Given this backdrop, bond investors (at least those who have managed to avoid the vagaries of Europe’s sovereign problems) have continued to enjoy positive returns, with UK and US corporates tightening further, whilst European corporate spreads have remained surprisingly resilient. Whilst there still remains a significant difference between financial and non-financial corporate yields, there is now a growing disparity in the performance of individual financial names themselves, and this is creating some interesting opportunities for discerning investors, as risk return considerations are reassessed in the light of European exposure, and other emerging factors such as the LIBOR, CDO pricing, and other regulatory cases. Equity investors meanwhile continue to deny to themselves that we are enduring a low return environment, and hope that economic data deteriorates sufficiently to spur QE3, or other ‘further action’ promised by Bernanke in his testimony to the Senate banking Committee yesterday.


Macro Focus

United States

The University of Michigan index of consumer sentiment declined in July to the lowest level this year, as the labour market showed few signs of improvement. As a consequence, retail sales also dropped 0.5% in June and outlook is not bright. Some 62% of businesses project no change in employment over the next six months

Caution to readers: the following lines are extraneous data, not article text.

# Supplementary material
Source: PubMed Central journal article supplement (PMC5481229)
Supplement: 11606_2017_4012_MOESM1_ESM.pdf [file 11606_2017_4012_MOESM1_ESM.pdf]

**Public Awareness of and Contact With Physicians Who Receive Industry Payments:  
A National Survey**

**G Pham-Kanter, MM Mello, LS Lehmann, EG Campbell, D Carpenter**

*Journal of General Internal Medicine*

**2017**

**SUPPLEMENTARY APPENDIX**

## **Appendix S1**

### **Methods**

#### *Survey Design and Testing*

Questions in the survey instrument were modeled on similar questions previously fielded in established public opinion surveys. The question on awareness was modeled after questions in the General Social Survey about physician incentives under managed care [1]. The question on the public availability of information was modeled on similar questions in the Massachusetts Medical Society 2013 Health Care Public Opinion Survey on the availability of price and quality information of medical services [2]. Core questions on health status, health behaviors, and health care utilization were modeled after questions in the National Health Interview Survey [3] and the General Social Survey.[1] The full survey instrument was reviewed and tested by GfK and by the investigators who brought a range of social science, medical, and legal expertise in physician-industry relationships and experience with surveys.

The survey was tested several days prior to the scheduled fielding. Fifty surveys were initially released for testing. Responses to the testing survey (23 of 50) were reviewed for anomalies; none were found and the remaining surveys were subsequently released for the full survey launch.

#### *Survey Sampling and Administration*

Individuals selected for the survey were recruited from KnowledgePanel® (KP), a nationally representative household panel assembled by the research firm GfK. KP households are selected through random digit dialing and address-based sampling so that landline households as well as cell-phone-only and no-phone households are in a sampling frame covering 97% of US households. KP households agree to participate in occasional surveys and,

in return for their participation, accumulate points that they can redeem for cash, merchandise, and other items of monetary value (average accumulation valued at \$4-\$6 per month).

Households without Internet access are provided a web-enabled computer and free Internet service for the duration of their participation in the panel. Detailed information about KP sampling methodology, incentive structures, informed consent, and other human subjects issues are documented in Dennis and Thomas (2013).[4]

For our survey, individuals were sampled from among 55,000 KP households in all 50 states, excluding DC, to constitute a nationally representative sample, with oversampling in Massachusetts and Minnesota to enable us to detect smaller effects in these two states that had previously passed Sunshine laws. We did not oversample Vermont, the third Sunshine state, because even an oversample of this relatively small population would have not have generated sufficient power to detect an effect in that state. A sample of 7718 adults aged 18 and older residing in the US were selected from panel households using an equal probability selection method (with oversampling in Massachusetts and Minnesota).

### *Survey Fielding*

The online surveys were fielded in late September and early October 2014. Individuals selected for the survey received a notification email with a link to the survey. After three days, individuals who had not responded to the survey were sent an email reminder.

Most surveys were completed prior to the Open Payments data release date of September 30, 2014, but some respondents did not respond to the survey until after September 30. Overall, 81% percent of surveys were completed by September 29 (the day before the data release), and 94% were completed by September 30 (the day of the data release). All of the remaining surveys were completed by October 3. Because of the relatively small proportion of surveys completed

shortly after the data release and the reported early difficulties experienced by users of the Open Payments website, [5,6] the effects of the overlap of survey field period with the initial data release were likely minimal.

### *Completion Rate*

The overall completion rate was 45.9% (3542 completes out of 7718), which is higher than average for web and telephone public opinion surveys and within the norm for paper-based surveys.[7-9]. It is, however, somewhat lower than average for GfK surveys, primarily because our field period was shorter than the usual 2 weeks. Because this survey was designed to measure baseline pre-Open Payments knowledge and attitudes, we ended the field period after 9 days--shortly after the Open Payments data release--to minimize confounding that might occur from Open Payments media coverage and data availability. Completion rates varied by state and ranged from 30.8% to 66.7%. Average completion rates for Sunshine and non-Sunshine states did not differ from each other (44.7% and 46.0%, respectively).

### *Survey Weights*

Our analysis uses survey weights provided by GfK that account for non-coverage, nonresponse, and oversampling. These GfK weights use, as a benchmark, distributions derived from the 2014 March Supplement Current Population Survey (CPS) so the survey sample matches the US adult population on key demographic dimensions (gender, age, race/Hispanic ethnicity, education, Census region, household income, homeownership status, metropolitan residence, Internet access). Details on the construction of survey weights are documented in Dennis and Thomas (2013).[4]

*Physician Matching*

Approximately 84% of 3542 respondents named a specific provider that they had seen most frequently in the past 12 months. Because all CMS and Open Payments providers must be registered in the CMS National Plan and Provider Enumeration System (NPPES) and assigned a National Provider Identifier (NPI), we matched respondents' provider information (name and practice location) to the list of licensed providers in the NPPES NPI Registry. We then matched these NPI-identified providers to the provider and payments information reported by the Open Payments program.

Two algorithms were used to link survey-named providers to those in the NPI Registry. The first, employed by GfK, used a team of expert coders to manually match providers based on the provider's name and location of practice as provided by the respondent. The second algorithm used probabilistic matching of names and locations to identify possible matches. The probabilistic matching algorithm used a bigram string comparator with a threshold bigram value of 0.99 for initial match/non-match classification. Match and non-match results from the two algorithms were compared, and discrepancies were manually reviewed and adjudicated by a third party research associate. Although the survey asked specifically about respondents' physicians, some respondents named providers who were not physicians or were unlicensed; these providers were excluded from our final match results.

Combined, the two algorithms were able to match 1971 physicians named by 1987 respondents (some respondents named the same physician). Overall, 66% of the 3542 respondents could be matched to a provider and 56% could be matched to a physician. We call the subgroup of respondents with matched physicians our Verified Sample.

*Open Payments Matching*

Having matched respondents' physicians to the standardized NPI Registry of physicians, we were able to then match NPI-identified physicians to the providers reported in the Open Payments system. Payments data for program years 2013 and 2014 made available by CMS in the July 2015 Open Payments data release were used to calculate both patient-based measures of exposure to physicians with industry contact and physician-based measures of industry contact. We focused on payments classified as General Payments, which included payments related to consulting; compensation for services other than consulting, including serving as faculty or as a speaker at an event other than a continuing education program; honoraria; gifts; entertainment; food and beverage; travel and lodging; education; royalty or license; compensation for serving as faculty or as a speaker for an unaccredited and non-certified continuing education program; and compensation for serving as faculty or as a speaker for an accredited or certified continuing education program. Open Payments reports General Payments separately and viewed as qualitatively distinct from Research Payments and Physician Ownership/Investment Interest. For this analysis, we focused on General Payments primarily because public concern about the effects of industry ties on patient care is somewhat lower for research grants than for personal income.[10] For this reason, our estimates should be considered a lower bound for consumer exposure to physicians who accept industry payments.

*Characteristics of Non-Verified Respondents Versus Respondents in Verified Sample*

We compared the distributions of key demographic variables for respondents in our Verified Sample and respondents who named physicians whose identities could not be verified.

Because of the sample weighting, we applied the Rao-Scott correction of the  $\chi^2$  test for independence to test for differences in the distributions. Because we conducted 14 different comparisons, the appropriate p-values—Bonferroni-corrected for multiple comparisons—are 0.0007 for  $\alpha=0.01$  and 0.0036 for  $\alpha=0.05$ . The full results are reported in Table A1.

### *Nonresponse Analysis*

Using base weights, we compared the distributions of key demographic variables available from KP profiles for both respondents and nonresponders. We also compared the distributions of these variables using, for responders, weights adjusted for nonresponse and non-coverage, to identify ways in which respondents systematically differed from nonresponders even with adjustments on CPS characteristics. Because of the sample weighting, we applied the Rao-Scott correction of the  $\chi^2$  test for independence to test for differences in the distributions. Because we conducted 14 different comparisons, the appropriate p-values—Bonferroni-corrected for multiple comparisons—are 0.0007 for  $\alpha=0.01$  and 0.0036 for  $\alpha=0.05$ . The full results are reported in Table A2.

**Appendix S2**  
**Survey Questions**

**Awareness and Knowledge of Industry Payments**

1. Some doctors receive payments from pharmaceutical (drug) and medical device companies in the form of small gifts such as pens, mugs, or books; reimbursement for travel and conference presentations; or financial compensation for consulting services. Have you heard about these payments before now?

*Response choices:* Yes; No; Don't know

On the other side, we found two ‘positive’ figures for US consumers this week. First, inflationary pressure continued to fall (prices of imported goods plunged 2.7% in June). The 30-year mortgage rate also reached a record low at 3.56% for a fourth straight week

Euro Zone

Germany’s top court will take more than eight weeks to decide whether to suspend the euro-area’s permanent bailout fund, leaving Europe’s anti-crisis coffers less than half full to respond to the debt crisis

Spanish Prime Minister Mariano Rajoy rolled back social-welfare protections and raised taxes. Rajoy announced cuts in unemployment benefits and public sector wages, signalled reductions in pensions, and raised sales taxes as part of a 65 billion-euro package of deficit cuts

Germany’s three-year yields dropped below zero for the first time, and rates on Belgian, Dutch and French two-year also declined to all-time lows as the debt crisis bolstered demand for safer assets

European Central Bank

President Mario Draghi said inflation in the euro area is slowing faster than expected, justifying last week’s rate cuts to a record low

The ECB would no longer oppose the forcing of losses on senior bondholders of euro-area banks, said two officials with knowledge of the ECB’s thinking. A key condition to imposing losses is if the bank in question is being wound down

United Kingdom

Inflation fell in June as clothing prices plunged, helping to vindicate the central bank’s increase in emergency stimulus this month. Consumer prices rose 2.4% from a year earlier, the least since November 2009

Britain is to invest 9.4 billion pounds in the rail network between 2014 and 2019. The investment includes 4.2 billion pounds of newly announced money